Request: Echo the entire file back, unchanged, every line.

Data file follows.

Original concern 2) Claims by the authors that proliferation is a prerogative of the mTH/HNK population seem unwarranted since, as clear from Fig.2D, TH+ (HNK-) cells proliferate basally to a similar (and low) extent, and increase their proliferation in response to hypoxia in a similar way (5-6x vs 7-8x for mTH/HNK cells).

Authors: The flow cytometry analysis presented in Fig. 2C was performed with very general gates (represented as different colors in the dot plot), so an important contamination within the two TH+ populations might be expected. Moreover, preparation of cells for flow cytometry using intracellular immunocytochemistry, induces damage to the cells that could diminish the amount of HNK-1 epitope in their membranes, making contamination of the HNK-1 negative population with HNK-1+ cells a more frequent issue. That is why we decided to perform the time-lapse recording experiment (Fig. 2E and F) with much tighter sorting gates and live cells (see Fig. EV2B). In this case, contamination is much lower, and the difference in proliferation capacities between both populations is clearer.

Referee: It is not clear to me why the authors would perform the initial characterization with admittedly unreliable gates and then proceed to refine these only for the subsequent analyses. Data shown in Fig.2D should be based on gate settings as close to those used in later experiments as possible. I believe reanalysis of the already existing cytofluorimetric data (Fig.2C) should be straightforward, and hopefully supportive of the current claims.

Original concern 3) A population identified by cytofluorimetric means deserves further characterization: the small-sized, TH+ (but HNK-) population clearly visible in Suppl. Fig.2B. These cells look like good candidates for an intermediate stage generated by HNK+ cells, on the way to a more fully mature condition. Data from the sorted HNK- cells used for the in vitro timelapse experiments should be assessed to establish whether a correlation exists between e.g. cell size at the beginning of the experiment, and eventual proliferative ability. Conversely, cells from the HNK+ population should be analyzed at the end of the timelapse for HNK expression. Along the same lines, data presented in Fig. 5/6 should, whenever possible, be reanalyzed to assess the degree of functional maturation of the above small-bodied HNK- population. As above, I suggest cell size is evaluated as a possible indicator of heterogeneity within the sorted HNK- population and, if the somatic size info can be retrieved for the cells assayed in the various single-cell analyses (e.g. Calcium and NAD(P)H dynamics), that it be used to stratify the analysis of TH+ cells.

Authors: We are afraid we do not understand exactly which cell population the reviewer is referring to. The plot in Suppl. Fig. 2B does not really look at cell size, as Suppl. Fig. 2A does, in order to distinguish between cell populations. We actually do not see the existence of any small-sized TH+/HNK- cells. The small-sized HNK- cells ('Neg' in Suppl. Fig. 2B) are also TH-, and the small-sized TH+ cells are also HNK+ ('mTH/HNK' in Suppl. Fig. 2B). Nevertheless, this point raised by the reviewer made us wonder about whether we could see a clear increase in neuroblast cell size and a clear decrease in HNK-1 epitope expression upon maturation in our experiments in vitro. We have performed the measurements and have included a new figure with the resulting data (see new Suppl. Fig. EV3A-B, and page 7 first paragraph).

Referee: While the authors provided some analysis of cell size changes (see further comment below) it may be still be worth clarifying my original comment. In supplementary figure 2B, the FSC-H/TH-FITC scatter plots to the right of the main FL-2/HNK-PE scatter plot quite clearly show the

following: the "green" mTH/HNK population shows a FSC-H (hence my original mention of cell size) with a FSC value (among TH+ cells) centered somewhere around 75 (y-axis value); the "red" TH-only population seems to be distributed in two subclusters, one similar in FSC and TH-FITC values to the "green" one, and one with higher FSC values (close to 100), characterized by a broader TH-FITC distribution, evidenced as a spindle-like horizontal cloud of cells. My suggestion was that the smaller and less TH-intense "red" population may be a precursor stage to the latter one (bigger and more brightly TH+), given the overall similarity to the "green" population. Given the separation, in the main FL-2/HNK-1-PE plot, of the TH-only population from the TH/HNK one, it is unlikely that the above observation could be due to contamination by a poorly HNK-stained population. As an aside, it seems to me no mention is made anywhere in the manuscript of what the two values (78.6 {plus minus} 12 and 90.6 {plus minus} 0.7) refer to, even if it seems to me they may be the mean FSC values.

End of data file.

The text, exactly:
Original concern 2) Claims by the authors that proliferation is a prerogative of the mTH/HNK population seem unwarranted since, as clear from Fig.2D, TH+ (HNK-) cells proliferate basally to a similar (and low) extent, and increase their proliferation in response to hypoxia in a similar way (5-6x vs 7-8x for mTH/HNK cells).

Authors: The flow cytometry analysis presented in Fig. 2C was performed with very general gates (represented as different colors in the dot plot), so an important contamination within the two TH+ populations might be expected. Moreover, preparation of cells for flow cytometry using intracellular immunocytochemistry, induces damage to the cells that could diminish the amount of HNK-1 epitope in their membranes, making contamination of the HNK-1 negative population with HNK-1+ cells a more frequent issue. That is why we decided to perform the time-lapse recording experiment (Fig. 2E and F) with much tighter sorting gates and live cells (see Fig. EV2B). In this case, contamination is much lower, and the difference in proliferation capacities between both populations is clearer.

Referee: It is not clear to me why the authors would perform the initial characterization with admittedly unreliable gates and then proceed to refine these only for the subsequent analyses. Data shown in Fig.2D should be based on gate settings as close to those used in later experiments as possible. I believe reanalysis of the already existing cytofluorimetric data (Fig.2C) should be straightforward, and hopefully supportive of the current claims.

Original concern 3) A population identified by cytofluorimetric means deserves further characterization: the small-sized, TH+ (but HNK-) population clearly visible in Suppl. Fig.2B. These cells look like good candidates for an intermediate stage generated by HNK+ cells, on the way to a more fully mature condition. Data from the sorted HNK- cells used for the in vitro timelapse experiments should be assessed to establish whether a correlation exists between e.g. cell size at the beginning of the experiment, and eventual proliferative ability. Conversely, cells from the HNK+ population should be analyzed at the end of the timelapse for HNK expression. Along the same lines, data presented in Fig. 5/6 should, whenever possible, be reanalyzed to assess the degree of functional maturation of the above small-bodied HNK- population. As above, I suggest cell size is evaluated as a possible indicator of heterogeneity within the sorted HNK- population and, if the somatic size info can be retrieved for the cells assayed in the various single-cell analyses (e.g. Calcium and NAD(P)H dynamics), that it be used to stratify the analysis of TH+ cells.

Authors: We are afraid we do not understand exactly which cell population the reviewer is referring to. The plot in Suppl. Fig. 2B does not really look at cell size, as Suppl. Fig. 2A does, in order to distinguish between cell populations. We actually do not see the existence of any small-sized TH+/HNK- cells. The small-sized HNK- cells ('Neg' in Suppl. Fig. 2B) are also TH-, and the small-sized TH+ cells are also HNK+ ('mTH/HNK' in Suppl. Fig. 2B). Nevertheless, this point raised by the reviewer made us wonder about whether we could see a clear increase in neuroblast cell size and a clear decrease in HNK-1 epitope expression upon maturation in our experiments in vitro. We have performed the measurements and have included a new figure with the resulting data (see new Suppl. Fig. EV3A-B, and page 7 first paragraph).

Referee: While the authors provided some analysis of cell size changes (see further comment below) it may be still be worth clarifying my original comment. In supplementary figure 2B, the FSC-H/TH-FITC scatter plots to the right of the main FL-2/HNK-PE scatter plot quite clearly show the

following: the "green" mTH/HNK population shows a FSC-H (hence my original mention of cell size) with a FSC value (among TH+ cells) centered somewhere around 75 (y-axis value); the "red" TH-only population seems to be distributed in two subclusters, one similar in FSC and TH-FITC values to the "green" one, and one with higher FSC values (close to 100), characterized by a broader TH-FITC distribution, evidenced as a spindle-like horizontal cloud of cells. My suggestion was that the smaller and less TH-intense "red" population may be a precursor stage to the latter one (bigger and more brightly TH+), given the overall similarity to the "green" population. Given the separation, in the main FL-2/HNK-1-PE plot, of the TH-only population from the TH/HNK one, it is unlikely that the above observation could be due to contamination by a poorly HNK-stained population. As an aside, it seems to me no mention is made anywhere in the manuscript of what the two values (78.6 {plus minus} 12 and 90.6 {plus minus} 0.7) refer to, even if it seems to me they may be the mean FSC values.